Other communities with day-laborer problems should look at what Los Angeles has done, and follow its good example. It was a long battle, but worth it.

“It took four years to get a four-page ordinance,” said a relieved Bernard Parks, the city councilman who sponsored it, just before the successful vote.

http://theboard.blogs.nytimes.com/2008/08/14/big-boxes-and-day-laborers/

Council passes day-labor center ordinance

By Sid Garcia
http://abclocal.go.com/kabc/story?section=news/local/los_angeles&id=6326157 

LOS ANGELES (KABC) — Wednesday’s vote ends four years of laboring over how to regulate day laborers at large home improvement stores.

The City Council passed an ordinance Wednesday that requires home-improvement stores such as The Home Depot, clinic Lowe’s, Osh and others more than 100,000 square feet in size to set aside space for day-laborer shelters. The shelters must include drinking water, bathrooms, tables, seating and garbage cans, and must be close to the store location.

The 15-member City Council voted for the ordinance unanimously Wednesday.

“It is not an ordinance that impacts or takes into account a person’s immigration status,” said L.A. City Councilman Bernard Parks. “It’s not an ordinance that mandates shelters. It merely gives communities the ability to have input in the conditional-use process.” 

 Supporters say labor centers at these stores will make it safer for the workers, and those seeking to hire them.

“The proposed ordinance requires only that there’s a plan upfront before a store opens,” said Pablo Alvarado, member of the National Day Laborer Organizing Network. “That is an essential first step to ensure that we have successful day laborer centers in our city.”

“As this economy gets worse, I will tell you, there will be more people who want to find day work, and I think that this is a good ordinance. I think it makes sense,” said City Councilwoman Janice Hahn.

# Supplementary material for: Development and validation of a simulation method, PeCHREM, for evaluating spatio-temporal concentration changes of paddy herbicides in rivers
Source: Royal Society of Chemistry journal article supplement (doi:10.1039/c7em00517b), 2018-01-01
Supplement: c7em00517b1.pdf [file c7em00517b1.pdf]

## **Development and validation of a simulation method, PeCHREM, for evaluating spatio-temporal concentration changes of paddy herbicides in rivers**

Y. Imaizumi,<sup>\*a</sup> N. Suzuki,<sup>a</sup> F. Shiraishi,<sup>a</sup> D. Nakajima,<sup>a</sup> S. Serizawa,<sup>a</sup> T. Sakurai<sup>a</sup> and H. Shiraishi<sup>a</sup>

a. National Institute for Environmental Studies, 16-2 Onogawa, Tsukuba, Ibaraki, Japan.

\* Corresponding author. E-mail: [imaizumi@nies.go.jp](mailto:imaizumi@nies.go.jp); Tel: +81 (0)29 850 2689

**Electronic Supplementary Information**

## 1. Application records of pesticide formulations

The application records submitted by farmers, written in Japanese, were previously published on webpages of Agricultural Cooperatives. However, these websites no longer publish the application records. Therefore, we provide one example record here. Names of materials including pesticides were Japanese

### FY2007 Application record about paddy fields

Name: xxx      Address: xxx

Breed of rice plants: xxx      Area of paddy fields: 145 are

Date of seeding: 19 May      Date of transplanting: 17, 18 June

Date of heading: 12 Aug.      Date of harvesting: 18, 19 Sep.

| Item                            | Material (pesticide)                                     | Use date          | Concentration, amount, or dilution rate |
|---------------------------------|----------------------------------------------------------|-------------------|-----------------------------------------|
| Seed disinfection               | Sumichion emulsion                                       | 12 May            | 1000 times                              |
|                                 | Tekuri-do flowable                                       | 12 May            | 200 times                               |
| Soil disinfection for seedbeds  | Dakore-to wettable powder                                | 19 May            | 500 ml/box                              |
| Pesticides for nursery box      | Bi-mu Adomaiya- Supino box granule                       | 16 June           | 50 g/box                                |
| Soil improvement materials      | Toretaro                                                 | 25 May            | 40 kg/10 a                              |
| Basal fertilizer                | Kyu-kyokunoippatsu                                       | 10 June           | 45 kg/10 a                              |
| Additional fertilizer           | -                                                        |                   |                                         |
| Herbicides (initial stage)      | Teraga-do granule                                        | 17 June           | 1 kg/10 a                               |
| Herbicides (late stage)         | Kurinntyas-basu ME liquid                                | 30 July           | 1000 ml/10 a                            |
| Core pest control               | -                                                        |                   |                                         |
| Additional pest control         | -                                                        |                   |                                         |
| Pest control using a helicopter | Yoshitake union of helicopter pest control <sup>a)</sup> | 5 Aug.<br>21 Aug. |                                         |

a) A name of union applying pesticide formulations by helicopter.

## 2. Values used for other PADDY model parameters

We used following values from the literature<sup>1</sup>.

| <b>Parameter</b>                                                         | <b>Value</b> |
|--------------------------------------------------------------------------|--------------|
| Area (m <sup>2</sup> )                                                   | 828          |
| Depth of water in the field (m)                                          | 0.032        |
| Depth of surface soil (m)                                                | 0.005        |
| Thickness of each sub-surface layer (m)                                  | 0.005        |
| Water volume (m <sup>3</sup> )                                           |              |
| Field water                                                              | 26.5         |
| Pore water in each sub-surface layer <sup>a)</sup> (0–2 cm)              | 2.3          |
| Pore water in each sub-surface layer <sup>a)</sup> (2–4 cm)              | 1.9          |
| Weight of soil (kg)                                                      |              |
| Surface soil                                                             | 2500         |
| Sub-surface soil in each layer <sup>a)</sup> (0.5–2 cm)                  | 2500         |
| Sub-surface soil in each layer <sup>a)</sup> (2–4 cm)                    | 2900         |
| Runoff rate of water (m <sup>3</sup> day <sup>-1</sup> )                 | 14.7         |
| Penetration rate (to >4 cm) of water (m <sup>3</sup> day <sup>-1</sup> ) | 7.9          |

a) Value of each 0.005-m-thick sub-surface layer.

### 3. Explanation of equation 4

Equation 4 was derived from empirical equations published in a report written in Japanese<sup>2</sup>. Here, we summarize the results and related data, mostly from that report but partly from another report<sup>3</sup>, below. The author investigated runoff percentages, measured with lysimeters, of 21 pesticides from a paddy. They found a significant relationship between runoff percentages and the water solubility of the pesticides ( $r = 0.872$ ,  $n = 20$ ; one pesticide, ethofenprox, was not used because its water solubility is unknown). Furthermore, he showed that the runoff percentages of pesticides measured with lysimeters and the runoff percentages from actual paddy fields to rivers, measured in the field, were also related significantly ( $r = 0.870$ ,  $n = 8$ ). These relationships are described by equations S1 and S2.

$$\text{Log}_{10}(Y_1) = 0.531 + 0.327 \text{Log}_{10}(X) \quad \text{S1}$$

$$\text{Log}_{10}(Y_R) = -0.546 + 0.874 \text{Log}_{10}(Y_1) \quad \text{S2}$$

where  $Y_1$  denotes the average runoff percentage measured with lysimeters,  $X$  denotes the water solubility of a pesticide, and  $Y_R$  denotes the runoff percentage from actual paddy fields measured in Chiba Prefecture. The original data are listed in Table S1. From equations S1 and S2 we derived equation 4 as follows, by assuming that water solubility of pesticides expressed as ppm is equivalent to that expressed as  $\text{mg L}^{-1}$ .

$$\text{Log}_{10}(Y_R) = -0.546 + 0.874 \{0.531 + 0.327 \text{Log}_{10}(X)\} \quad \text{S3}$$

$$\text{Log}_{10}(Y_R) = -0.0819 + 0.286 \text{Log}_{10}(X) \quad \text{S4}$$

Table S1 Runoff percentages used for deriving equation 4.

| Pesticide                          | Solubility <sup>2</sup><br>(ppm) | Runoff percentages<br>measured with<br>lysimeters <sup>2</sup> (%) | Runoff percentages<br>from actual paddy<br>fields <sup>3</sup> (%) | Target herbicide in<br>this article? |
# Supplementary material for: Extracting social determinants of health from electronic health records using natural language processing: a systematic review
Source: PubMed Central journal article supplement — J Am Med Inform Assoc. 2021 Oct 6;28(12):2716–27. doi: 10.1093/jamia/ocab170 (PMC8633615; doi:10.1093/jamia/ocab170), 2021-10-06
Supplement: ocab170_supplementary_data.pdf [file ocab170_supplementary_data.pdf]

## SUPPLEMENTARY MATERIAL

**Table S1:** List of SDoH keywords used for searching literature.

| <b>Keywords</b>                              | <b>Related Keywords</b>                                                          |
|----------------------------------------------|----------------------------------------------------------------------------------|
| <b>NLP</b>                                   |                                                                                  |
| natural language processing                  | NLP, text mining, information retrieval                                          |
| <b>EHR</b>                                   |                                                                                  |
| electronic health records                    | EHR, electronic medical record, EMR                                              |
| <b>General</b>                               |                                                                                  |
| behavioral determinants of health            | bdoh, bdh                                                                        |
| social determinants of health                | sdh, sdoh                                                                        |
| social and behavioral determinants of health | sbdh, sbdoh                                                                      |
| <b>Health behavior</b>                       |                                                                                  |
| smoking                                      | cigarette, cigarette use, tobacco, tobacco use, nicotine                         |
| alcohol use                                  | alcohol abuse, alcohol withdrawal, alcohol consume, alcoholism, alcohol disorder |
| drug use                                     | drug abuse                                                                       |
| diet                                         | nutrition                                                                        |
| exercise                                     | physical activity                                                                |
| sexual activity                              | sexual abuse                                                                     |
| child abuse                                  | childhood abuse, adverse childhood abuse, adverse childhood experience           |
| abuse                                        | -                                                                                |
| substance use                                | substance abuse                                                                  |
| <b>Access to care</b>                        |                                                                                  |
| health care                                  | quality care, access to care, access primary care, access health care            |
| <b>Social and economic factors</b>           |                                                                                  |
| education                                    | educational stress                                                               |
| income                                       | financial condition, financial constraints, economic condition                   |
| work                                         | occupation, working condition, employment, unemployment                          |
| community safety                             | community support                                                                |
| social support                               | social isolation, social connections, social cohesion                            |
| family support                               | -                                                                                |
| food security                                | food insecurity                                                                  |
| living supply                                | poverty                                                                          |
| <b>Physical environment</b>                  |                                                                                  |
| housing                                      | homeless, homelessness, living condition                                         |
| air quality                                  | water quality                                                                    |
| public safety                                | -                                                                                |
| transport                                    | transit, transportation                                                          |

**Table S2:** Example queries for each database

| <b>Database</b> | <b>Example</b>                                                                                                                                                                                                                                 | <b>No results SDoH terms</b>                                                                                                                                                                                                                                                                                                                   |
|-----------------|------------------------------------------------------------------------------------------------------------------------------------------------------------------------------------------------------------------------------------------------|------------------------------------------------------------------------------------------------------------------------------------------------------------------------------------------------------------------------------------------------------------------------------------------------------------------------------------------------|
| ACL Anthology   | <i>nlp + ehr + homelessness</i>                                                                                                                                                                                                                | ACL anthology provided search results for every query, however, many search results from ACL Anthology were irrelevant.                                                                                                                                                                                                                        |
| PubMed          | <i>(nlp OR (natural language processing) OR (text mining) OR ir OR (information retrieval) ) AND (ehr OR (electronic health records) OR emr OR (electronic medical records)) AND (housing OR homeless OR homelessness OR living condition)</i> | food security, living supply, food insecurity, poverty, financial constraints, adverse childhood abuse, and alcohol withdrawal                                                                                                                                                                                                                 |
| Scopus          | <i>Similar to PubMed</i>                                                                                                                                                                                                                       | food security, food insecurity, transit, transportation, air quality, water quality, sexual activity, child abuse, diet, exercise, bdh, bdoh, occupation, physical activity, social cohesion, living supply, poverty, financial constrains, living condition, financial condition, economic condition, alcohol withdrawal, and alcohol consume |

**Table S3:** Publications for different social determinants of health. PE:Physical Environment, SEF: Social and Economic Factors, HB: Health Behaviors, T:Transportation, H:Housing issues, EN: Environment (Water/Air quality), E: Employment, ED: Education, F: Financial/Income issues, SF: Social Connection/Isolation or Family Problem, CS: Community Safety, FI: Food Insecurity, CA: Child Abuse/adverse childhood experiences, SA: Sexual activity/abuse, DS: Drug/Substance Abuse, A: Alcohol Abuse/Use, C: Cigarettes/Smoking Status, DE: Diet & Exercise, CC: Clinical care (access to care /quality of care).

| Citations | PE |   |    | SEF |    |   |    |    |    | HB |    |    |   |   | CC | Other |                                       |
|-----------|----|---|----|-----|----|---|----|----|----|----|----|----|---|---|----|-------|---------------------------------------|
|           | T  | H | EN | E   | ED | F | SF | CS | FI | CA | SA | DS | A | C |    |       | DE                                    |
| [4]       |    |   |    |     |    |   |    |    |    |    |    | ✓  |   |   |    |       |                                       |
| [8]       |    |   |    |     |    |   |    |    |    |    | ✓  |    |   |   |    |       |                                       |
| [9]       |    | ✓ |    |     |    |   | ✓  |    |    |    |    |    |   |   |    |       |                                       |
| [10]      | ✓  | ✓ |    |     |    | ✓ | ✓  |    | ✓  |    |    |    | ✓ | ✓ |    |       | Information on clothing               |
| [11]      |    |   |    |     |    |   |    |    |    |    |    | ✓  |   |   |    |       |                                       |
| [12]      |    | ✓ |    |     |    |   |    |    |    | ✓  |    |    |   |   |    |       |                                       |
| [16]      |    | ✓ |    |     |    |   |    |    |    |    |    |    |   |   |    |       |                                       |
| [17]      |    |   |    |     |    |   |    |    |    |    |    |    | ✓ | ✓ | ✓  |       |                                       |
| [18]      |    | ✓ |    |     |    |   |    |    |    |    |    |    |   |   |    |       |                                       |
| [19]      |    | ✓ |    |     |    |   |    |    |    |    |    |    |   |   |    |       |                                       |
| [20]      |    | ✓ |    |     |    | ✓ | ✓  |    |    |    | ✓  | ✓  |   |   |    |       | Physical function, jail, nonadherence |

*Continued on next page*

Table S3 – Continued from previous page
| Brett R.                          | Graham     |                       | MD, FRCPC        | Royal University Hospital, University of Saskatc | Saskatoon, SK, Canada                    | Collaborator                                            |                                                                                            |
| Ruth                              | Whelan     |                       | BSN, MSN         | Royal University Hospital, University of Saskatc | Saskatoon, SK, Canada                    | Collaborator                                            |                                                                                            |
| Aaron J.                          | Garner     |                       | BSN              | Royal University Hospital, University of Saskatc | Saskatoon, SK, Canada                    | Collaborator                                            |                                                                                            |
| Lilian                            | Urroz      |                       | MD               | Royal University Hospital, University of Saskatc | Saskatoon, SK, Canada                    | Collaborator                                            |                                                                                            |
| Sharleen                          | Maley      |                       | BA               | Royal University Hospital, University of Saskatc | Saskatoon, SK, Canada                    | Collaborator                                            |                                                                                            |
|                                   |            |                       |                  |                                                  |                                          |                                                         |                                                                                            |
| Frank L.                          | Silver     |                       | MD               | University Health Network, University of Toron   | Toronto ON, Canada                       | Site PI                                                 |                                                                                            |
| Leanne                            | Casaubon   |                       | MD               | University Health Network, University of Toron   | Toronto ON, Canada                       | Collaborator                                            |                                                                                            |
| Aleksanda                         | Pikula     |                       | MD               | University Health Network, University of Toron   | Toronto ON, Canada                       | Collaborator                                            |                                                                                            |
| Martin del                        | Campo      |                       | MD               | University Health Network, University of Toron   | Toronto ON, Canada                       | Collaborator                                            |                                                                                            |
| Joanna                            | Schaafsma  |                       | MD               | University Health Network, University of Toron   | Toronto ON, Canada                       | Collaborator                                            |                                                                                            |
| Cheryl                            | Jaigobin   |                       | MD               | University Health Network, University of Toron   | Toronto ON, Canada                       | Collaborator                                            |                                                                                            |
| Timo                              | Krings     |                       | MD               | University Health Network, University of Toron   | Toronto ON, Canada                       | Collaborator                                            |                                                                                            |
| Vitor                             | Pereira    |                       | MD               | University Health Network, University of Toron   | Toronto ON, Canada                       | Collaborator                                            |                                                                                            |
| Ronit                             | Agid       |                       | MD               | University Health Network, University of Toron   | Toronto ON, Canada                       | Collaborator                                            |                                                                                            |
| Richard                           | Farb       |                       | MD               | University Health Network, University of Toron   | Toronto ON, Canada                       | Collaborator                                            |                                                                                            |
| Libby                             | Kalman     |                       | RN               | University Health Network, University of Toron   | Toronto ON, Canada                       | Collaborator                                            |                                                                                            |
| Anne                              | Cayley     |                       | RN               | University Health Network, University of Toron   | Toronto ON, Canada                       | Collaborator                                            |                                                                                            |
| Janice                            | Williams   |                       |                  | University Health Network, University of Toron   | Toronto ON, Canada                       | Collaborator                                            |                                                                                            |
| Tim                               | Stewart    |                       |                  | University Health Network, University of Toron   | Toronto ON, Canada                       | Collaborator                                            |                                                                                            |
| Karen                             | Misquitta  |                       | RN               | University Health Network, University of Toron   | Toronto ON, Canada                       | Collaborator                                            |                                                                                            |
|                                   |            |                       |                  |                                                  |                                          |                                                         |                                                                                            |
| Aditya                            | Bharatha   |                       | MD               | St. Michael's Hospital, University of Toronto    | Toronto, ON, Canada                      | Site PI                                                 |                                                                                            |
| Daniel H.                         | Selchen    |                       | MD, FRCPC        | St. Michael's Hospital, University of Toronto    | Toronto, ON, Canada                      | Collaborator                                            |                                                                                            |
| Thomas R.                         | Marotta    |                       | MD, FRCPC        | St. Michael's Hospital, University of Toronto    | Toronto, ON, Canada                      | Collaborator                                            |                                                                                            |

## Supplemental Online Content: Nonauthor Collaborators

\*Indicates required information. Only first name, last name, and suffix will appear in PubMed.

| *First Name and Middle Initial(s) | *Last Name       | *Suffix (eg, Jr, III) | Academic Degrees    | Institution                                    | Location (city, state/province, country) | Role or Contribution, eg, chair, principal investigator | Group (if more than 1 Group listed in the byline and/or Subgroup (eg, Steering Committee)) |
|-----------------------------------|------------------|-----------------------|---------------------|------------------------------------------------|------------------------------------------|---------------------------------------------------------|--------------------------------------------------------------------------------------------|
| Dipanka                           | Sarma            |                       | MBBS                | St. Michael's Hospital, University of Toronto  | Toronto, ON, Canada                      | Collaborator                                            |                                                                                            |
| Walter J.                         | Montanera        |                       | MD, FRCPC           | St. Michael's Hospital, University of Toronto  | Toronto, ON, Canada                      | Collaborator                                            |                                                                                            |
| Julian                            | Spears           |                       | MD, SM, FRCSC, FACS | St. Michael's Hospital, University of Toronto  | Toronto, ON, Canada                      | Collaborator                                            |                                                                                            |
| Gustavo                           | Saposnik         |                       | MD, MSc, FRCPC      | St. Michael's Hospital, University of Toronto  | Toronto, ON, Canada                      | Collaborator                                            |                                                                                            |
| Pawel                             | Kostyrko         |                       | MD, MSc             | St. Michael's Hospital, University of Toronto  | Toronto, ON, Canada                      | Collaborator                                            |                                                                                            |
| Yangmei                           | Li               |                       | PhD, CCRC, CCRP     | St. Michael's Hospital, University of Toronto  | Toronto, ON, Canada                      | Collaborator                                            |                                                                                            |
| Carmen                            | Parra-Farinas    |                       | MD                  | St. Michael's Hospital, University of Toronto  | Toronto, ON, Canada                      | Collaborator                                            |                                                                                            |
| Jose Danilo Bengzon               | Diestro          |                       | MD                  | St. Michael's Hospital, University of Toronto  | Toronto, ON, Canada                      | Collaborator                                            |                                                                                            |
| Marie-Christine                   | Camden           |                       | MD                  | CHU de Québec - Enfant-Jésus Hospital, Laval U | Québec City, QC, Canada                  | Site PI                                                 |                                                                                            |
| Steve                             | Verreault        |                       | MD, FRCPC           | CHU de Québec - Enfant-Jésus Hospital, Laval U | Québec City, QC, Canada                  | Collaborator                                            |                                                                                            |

The ordinance goes to Mayor Villaraigosa; once the ordinance is signed by the mayor, the ordinance becomes law and goes into effect in 30 days. It also requires store developers to look into the need for security.

This ordinance, according to Parks, will save the city around $2 million per year in litigation and solve other problems day laborers congregating at home-improvement stores cause.

City News Service contributed to this report.

http://abclocal.go.com/kabc/story?section=news/local/los_angeles&id=6326157 

Day Laborer Ordinance Receives Approval

Published on CBS2.com

LOS ANGELES (AP) ? The Los Angeles City Council has approved an ordinance that could be used to require home improvement stores to provide shelter, patient water and bathrooms for day laborers looking for work.

The ordinance, which passed unanimously, says that big box stores like Home Depot built in the future receive “conditional-use” permits, which would allow city officials to impose the restrictions.

Councilman Bernard Parks who first proposed the ordinance four years ago says it is the first move of many to try to improve conditions for such workers.

A group of day laborers in the council chambers cheered the decision.
Home Depot spokeswoman Kathryn Gallagher expressed her company’s
disappointment, saying the issue is more “complicated than placing mandates on businesses.”